When longtime Teaneck resident Dr. Irving Fitterman first heard about Volunteers for Israel from his friend Norman Marcus several years ago, he thought it was something he’d like to try. Now Fitterman and his wife Beverly are hooked, rolling up their sleeves and heading to Israel every October.
The Fittermans who lived in Teaneck for 37 years before moving to New York City and Boca Raton five years ago recently returned from a stint spent at an army communications camp in Ramle, where they disassembled tank radio antennas. Last year, they were based at Camp Yarden in the Golan Heights, painting parts for tanks and folding uniforms.
Fitterman, who worked as a senior marketing and management executive before his retirement, pointed out that he had served as a consultant to Israel’s Ministry of Commerce and Industry between 1968 and 1969.
"I had been to Israel 36 times, but never as a volunteer," he said. The first time he went as a VFI volunteer, "I was 77 and wearing a backpack. The El Al security people at Newark Airport thought I was crazy. They gave me a double inspection."
Sent the first time to Tzrifin army base, where he lifted tank wheels and cleaned them with wire brushes, Fitterman said he was asked several days later if he wanted to switch to an easier job.
"I said no, since I had bonded with my co-workers," he recalled. "The camaraderie was wonderful."
He noted that during his most recent trip, he told the commander at his base that he was "looking at the group’s oldest volunteer. But he told me that there were volunteers who were even older," said Fitterman, mentioning three other VFI volunteers from ages 83 to 86. "They don’t only need young people," he said. "The commander told me that volunteers do three times more work than regular soldiers."
Serving now as a "recruiter," Fitterman tells synagogue and communal groups that working as a volunteer with VFI "is such a worthwhile effort. You help with your hands while doing something quite unusual. Everyone there kvells over you, thanking you and telling you that you’re a hero."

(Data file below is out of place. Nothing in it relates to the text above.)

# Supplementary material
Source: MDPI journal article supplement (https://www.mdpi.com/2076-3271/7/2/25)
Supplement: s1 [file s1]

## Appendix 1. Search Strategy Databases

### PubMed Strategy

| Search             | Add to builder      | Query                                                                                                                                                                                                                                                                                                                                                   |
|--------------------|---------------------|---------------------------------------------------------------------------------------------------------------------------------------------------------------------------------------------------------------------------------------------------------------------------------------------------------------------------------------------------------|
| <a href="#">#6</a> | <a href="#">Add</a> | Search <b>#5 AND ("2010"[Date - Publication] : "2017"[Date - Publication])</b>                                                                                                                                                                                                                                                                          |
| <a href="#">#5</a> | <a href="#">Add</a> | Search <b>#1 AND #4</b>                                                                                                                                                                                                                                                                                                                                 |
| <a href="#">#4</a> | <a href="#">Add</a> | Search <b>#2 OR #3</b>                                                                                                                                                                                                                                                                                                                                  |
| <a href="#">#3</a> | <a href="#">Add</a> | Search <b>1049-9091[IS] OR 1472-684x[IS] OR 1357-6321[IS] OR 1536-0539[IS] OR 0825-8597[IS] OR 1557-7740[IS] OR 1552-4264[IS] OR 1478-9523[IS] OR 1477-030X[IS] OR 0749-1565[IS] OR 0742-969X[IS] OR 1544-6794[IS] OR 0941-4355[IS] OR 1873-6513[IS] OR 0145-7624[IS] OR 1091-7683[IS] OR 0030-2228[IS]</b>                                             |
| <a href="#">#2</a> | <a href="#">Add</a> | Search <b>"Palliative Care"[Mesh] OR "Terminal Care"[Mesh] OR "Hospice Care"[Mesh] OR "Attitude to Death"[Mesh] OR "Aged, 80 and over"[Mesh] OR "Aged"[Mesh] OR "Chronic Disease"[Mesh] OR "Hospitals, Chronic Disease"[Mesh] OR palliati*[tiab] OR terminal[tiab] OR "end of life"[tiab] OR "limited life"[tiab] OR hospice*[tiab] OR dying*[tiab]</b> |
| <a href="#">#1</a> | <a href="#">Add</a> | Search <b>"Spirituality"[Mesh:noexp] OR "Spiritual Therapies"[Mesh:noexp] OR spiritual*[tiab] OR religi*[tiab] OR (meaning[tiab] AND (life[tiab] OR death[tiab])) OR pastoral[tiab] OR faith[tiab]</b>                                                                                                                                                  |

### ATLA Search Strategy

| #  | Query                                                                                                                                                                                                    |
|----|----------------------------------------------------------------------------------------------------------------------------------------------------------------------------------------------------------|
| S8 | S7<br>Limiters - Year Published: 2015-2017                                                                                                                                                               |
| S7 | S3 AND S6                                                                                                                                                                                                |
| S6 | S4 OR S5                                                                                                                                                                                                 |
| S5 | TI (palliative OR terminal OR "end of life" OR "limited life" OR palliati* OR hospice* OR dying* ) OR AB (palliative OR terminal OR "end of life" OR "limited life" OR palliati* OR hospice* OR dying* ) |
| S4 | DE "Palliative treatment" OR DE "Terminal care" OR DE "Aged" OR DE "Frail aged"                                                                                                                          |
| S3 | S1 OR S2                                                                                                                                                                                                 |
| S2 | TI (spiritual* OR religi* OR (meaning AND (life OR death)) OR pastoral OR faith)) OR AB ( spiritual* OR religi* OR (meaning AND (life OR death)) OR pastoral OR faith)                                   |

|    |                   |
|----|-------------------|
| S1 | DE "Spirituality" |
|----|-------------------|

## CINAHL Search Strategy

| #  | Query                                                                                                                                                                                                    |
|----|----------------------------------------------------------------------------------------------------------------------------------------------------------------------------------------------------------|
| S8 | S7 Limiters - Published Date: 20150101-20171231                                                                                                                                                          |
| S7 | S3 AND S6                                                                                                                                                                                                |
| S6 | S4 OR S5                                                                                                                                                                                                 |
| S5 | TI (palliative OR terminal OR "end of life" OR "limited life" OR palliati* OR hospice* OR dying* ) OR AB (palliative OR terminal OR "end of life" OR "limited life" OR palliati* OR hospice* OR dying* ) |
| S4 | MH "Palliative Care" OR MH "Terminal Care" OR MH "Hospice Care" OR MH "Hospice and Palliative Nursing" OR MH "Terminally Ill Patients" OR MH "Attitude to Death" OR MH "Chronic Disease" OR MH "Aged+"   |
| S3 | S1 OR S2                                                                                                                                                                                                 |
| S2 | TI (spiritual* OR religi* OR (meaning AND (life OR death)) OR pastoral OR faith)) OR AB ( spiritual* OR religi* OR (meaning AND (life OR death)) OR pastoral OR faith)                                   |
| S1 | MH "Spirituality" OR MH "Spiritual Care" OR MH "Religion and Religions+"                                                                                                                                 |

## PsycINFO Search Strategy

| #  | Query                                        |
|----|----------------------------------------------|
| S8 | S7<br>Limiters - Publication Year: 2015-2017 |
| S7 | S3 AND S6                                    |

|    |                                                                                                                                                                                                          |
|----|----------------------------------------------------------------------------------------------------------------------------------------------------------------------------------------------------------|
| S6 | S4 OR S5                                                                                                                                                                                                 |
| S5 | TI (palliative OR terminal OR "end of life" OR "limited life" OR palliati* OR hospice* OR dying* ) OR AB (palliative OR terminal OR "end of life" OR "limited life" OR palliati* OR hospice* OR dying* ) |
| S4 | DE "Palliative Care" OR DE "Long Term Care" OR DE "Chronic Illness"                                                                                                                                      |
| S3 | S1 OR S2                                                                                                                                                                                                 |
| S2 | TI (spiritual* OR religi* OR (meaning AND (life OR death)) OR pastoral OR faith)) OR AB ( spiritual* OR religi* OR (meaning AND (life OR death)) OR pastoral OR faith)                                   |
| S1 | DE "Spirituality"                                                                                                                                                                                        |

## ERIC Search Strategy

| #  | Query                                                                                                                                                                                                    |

You pay your own way and work for nothing, said Fitterman. "It’s fantastic for Israeli morale, and you feel good about yourself."
Founded in 198′, Volunteers for Israel, which Fitterman describes as a "non-profit, non-political, non-denominational organization," provides aid to Israel through hands-on civilian volunteer work. To date, the program, administered in Israel by Sar-El (which arranges work placement of volunteers), has attracted more than 100,000 workers from some 35 countries, assigning them most frequently to military bases and hospitals.
Fitterman who said he has personally met volunteers from Russia, Australia, New Zealand, Canada, France, and the Czech Republic pointed out that "a large percentage are Christians." He noted that while the average period of service is three weeks, he has generally worked for two weeks, and volunteers may also choose to extend their stay.
"You work with the young soldiers and eat in the mess hall with them," he said. "There’s a lot of intermixing. They come over and ask you why you’re there." And if the food is not gourmet by any standards, he said, "it is fresh and plentiful."
While volunteers are clearly not members of the army, Fitterman stressed, they wear a uniform on base, with special epaulets, as well as paratrooper boots. "It’s fun," he said. "It distinguishes us as a ‘volunteer army.’"
Program organizers "want you to be happy and tell others about it," said Fitterman, pointing out that volunteers are also taken on trips to places such as Jerusalem and Tel Aviv. "Last year they took us to Kiryat Shemona to help repair buildings damaged by missile fire," he said.
"I love the atmosphere," he said. "We’re definitely going back."
On Tuesday, Nov. 13, Fitterman will speak at the Fair Lawn Jewish Center and present a slide slow about his experiences as a VFI volunteer.
For more information about Volunteers for Israel, call (866) 514-1948 or visit www.vfi-usa.org